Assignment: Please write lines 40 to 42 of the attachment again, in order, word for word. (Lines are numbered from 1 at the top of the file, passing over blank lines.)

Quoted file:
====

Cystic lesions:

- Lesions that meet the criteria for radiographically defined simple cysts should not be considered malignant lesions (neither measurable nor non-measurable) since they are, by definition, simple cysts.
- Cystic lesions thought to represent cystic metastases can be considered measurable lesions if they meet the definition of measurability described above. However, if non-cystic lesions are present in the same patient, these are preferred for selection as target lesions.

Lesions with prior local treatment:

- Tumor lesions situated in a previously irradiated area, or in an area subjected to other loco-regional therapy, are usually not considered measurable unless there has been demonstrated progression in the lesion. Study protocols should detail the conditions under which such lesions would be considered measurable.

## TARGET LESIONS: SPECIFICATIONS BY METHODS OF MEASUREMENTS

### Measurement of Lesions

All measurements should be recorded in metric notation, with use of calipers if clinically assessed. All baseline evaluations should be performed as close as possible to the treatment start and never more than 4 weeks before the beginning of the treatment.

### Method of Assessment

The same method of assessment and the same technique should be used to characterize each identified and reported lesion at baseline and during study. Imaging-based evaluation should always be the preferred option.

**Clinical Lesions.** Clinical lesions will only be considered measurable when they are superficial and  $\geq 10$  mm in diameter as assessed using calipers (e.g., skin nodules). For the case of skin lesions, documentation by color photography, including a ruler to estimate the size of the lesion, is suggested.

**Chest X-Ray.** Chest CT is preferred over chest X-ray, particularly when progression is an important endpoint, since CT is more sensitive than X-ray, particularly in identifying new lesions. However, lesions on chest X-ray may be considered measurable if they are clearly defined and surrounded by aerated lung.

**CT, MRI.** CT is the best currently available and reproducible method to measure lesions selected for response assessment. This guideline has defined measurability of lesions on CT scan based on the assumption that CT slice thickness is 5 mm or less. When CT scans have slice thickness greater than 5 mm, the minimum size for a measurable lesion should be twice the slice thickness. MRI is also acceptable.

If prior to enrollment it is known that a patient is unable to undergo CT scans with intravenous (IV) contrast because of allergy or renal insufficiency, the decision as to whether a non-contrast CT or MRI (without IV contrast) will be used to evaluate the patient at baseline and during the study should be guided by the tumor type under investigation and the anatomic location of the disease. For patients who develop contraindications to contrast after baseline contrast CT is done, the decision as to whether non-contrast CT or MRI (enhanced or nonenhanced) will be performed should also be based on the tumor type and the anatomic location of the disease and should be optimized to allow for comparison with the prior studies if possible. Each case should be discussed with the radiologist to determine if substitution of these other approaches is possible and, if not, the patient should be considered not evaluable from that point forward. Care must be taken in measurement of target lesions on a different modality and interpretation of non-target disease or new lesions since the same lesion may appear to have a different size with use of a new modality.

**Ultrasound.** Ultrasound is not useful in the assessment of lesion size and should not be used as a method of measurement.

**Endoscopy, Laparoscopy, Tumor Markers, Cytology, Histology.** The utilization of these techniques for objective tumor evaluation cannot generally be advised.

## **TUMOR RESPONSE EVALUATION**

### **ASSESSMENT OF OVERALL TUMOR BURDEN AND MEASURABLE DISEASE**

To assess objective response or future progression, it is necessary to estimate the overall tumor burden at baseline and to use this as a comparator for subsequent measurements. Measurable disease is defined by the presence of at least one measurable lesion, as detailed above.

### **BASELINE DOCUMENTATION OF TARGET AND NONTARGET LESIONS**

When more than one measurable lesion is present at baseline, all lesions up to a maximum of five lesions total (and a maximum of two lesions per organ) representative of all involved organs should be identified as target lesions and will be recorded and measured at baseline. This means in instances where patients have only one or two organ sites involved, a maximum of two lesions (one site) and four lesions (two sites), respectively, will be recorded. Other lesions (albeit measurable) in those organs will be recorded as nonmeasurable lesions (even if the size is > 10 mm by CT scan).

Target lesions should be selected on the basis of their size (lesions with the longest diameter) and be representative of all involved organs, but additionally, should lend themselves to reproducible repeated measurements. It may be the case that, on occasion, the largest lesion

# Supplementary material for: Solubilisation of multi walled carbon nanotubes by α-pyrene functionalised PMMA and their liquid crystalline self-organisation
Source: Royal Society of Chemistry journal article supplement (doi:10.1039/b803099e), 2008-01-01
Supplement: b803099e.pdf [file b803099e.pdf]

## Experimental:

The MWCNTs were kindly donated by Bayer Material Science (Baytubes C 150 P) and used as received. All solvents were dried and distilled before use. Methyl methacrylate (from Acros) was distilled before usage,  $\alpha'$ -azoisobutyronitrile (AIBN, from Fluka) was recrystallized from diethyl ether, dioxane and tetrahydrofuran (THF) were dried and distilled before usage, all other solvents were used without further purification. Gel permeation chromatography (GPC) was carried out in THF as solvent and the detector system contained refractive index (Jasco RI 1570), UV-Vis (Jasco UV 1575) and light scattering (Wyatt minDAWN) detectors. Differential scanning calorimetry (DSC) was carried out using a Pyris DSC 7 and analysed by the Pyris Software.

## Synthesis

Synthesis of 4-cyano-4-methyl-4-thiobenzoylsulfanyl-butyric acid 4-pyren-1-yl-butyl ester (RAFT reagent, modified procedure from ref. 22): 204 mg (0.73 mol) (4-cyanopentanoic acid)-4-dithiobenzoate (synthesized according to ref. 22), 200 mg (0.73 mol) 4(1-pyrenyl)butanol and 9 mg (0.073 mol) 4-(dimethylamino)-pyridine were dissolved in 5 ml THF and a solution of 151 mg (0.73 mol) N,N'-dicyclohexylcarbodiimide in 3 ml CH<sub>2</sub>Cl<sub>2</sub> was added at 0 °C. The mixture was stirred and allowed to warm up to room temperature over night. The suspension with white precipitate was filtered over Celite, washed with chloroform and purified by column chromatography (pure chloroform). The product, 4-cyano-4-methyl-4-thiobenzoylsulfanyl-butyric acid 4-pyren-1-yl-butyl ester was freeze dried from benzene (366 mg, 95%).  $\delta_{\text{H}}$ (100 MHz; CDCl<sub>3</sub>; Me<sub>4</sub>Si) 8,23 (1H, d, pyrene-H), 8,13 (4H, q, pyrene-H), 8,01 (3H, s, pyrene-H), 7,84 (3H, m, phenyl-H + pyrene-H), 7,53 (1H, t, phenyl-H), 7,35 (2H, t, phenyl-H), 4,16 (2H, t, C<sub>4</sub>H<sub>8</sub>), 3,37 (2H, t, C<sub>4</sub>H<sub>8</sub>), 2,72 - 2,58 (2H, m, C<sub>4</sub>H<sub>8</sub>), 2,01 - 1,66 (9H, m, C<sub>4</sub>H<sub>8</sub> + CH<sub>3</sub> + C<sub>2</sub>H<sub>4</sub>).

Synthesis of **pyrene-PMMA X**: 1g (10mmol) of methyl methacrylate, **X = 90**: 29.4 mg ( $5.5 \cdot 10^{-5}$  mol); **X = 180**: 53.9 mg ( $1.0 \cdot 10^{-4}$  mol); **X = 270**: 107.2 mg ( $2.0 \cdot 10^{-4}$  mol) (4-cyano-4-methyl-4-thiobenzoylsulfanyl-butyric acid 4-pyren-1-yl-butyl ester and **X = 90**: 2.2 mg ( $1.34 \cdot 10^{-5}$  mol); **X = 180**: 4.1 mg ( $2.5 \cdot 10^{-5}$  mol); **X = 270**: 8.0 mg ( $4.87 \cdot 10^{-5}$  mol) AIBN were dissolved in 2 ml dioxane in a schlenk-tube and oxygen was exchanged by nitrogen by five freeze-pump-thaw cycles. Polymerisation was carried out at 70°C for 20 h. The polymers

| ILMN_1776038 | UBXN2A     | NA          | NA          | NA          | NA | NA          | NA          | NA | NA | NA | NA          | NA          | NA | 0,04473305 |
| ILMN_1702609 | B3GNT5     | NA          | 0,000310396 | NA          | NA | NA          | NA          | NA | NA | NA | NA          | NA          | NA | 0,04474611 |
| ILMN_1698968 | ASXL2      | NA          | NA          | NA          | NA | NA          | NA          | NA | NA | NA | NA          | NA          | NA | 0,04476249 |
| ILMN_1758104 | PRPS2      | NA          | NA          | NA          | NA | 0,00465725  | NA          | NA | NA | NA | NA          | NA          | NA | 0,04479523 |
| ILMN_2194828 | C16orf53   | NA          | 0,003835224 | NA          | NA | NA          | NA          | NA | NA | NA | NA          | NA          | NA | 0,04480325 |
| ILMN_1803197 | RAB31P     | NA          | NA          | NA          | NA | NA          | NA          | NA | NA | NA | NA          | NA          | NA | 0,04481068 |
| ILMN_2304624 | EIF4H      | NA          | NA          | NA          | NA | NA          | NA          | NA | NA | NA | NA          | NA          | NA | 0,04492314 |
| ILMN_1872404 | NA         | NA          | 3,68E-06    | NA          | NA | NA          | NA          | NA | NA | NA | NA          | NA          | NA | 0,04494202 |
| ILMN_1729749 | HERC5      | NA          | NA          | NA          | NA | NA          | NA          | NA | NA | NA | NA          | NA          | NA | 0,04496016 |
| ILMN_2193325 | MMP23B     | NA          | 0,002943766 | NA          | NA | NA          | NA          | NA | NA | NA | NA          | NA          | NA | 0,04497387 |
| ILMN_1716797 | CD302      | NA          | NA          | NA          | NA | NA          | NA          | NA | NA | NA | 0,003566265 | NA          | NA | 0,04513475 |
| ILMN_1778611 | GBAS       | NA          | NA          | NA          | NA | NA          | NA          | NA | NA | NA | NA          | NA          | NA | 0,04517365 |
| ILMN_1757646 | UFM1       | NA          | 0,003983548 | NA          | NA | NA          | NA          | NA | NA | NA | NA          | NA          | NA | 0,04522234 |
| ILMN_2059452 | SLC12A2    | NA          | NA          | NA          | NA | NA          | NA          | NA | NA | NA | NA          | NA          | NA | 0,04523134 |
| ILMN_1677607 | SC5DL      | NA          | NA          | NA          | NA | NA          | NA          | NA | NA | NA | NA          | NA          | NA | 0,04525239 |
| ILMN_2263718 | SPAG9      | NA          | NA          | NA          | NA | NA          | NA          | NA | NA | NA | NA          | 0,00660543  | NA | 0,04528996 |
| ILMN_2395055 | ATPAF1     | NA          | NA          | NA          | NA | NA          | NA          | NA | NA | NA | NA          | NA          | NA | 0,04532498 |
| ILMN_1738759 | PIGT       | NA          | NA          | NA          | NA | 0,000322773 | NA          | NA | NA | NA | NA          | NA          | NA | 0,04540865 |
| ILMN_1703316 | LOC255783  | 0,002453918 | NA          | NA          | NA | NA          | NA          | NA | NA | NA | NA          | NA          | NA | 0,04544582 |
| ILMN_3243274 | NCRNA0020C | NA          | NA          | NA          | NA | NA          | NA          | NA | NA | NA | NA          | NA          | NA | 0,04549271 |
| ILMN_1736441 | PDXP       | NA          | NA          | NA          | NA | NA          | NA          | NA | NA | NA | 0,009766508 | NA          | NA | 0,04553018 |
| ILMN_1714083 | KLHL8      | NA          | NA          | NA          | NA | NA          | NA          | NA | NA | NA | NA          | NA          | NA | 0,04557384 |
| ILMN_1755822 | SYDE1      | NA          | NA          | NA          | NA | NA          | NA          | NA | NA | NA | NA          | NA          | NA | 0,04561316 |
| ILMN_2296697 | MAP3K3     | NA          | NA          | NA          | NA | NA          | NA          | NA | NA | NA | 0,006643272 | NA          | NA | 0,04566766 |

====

| ILMN_2193325 | MMP23B     | NA          | 0,002943766 | NA          | NA | NA          | NA          | NA | NA | NA | NA          | NA          | NA | 0,04497387 |
| ILMN_1716797 | CD302      | NA          | NA          | NA          | NA | NA          | NA          | NA | NA | NA | 0,003566265 | NA          | NA | 0,04513475 |
| ILMN_1778611 | GBAS       | NA          | NA          | NA          | NA | NA          | NA          | NA | NA | NA | NA          | NA          | NA | 0,04517365 |